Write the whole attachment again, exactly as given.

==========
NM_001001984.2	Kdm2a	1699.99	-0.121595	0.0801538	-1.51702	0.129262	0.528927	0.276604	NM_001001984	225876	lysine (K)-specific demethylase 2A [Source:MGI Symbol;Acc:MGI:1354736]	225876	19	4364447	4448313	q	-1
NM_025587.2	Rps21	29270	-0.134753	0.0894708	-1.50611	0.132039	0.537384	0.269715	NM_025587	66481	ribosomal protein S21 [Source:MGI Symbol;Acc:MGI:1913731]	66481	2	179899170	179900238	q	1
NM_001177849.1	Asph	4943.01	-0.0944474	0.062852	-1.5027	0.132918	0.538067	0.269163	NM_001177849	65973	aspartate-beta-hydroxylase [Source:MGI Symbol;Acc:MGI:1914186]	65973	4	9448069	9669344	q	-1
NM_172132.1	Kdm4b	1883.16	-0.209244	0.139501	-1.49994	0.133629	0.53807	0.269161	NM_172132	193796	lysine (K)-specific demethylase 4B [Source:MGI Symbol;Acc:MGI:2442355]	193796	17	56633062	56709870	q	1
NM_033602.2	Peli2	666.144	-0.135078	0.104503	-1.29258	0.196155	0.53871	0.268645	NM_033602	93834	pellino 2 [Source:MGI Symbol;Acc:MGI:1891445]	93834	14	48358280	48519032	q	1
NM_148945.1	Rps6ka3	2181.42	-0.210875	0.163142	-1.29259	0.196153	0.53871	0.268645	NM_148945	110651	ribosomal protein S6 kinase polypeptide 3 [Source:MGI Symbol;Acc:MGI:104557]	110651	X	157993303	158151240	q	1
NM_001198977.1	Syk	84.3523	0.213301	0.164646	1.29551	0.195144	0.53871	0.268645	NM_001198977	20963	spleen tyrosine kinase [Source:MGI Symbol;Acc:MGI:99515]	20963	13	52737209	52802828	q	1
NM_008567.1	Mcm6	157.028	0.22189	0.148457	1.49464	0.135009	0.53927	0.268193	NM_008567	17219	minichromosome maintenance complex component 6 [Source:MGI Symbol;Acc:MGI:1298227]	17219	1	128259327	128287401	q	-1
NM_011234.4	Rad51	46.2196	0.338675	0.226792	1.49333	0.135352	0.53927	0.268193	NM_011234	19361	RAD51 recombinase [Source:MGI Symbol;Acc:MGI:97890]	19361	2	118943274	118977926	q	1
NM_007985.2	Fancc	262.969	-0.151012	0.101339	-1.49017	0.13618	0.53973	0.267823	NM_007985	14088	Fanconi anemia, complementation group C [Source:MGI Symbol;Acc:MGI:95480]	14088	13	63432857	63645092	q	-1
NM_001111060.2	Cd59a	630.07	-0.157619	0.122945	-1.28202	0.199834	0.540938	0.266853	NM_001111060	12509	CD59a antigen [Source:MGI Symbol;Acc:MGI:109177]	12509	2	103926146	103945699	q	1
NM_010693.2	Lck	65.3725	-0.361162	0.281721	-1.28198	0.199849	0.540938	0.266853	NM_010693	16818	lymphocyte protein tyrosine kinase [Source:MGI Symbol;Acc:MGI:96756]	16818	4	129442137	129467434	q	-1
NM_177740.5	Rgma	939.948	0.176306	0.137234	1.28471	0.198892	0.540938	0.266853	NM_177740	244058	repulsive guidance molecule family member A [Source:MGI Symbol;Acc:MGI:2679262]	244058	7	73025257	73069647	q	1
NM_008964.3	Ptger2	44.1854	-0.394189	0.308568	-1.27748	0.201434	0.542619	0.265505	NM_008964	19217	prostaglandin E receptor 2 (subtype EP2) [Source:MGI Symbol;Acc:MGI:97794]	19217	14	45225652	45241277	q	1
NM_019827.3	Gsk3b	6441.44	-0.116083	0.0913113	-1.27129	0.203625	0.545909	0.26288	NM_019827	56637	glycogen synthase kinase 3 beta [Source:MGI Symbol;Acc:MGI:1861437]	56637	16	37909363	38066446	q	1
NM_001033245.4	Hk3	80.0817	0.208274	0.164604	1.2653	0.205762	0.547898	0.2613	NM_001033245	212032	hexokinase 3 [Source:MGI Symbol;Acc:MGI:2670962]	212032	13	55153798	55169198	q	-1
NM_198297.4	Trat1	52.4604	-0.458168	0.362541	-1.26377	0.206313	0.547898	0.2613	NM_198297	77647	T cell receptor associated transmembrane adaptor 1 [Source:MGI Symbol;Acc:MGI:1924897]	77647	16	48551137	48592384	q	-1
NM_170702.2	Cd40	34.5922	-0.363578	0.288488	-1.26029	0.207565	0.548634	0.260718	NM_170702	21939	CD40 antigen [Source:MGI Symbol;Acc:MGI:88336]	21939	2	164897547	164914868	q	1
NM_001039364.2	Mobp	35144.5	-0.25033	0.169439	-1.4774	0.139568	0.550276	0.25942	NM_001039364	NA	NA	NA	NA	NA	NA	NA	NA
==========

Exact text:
NM_001001984.2	Kdm2a	1699.99	-0.121595	0.0801538	-1.51702	0.129262	0.528927	0.276604	NM_001001984	225876	lysine (K)-specific demethylase 2A [Source:MGI Symbol;Acc:MGI:1354736]	225876	19	4364447	4448313	q	-1
NM_025587.2	Rps21	29270	-0.134753	0.0894708	-1.50611	0.132039	0.537384	0.269715	NM_025587	66481	ribosomal protein S21 [Source:MGI Symbol;Acc:MGI:1913731]	66481	2	179899170	179900238	q	1
NM_001177849.1	Asph	4943.01	-0.0944474	0.062852	-1.5027	0.132918	0.538067	0.269163	NM_001177849	65973	aspartate-beta-hydroxylase [Source:MGI Symbol;Acc:MGI:1914186]	65973	4	9448069	9669344	q	-1
NM_172132.1	Kdm4b	1883.16	-0.209244	0.139501	-1.49994	0.133629	0.53807	0.269161	NM_172132	193796	lysine (K)-specific demethylase 4B [Source:MGI Symbol;Acc:MGI:2442355]	193796	17	56633062	56709870	q	1
NM_033602.2	Peli2	666.144	-0.135078	0.104503	-1.29258	0.196155	0.53871	0.268645	NM_033602	93834	pellino 2 [Source:MGI Symbol;Acc:MGI:1891445]	93834	14	48358280	48519032	q	1
NM_148945.1	Rps6ka3	2181.42	-0.210875	0.163142	-1.29259	0.196153	0.53871	0.268645	NM_148945	110651	ribosomal protein S6 kinase polypeptide 3 [Source:MGI Symbol;Acc:MGI:104557]	110651	X	157993303	158151240	q	1
NM_001198977.1	Syk	84.3523	0.213301	0.164646	1.29551	0.195144	0.53871	0.268645	NM_001198977	20963	spleen tyrosine kinase [Source:MGI Symbol;Acc:MGI:99515]	20963	13	52737209	52802828	q	1
NM_008567.1	Mcm6	157.028	0.22189	0.148457	1.49464	0.135009	0.53927	0.268193	NM_008567	17219	minichromosome maintenance complex component 6 [Source:MGI Symbol;Acc:MGI:1298227]	17219	1	128259327	128287401	q	-1
NM_011234.4	Rad51	46.2196	0.338675	0.226792	1.49333	0.135352	0.53927	0.268193	NM_011234	19361	RAD51 recombinase [Source:MGI Symbol;Acc:MGI:97890]	19361	2	118943274	118977926	q	1
NM_007985.2	Fancc	262.969	-0.151012	0.101339	-1.49017	0.13618	0.53973	0.267823	NM_007985	14088	Fanconi anemia, complementation group C [Source:MGI Symbol;Acc:MGI:95480]	14088	13	63432857	63645092	q	-1
NM_001111060.2	Cd59a	630.07	-0.157619	0.122945	-1.28202	0.199834	0.540938	0.266853	NM_001111060	12509	CD59a antigen [Source:MGI Symbol;Acc:MGI:109177]	12509	2	103926146	103945699	q	1
NM_010693.2	Lck	65.3725	-0.361162	0.281721	-1.28198	0.199849	0.540938	0.266853	NM_010693	16818	lymphocyte protein tyrosine kinase [Source:MGI Symbol;Acc:MGI:96756]	16818	4	129442137	129467434	q	-1
NM_177740.5	Rgma	939.948	0.176306	0.137234	1.28471	0.198892	0.540938	0.266853	NM_177740	244058	repulsive guidance molecule family member A [Source:MGI Symbol;Acc:MGI:2679262]	244058	7	73025257	73069647	q	1
NM_008964.3	Ptger2	44.1854	-0.394189	0.308568	-1.27748	0.201434	0.542619	0.265505	NM_008964	19217	prostaglandin E receptor 2 (subtype EP2) [Source:MGI Symbol;Acc:MGI:97794]	19217	14	45225652	45241277	q	1
NM_019827.3	Gsk3b	6441.44	-0.116083	0.0913113	-1.27129	0.203625	0.545909	0.26288	NM_019827	56637	glycogen synthase kinase 3 beta [Source:MGI Symbol;Acc:MGI:1861437]	56637	16	37909363	38066446	q	1
NM_001033245.4	Hk3	80.0817	0.208274	0.164604	1.2653	0.205762	0.547898	0.2613	NM_001033245	212032	hexokinase 3 [Source:MGI Symbol;Acc:MGI:2670962]	212032	13	55153798	55169198	q	-1
NM_198297.4	Trat1	52.4604	-0.458168	0.362541	-1.26377	0.206313	0.547898	0.2613	NM_198297	77647	T cell receptor associated transmembrane adaptor 1 [Source:MGI Symbol;Acc:MGI:1924897]	77647	16	48551137	48592384	q	-1
NM_170702.2	Cd40	34.5922	-0.363578	0.288488	-1.26029	0.207565	0.548634	0.260718	NM_170702	21939	CD40 antigen [Source:MGI Symbol;Acc:MGI:88336]	21939	2	164897547	164914868	q	1
NM_001039364.2	Mobp	35144.5	-0.25033	0.169439	-1.4774	0.139568	0.550276	0.25942	NM_001039364	NA	NA	NA	NA	NA	NA	NA	NA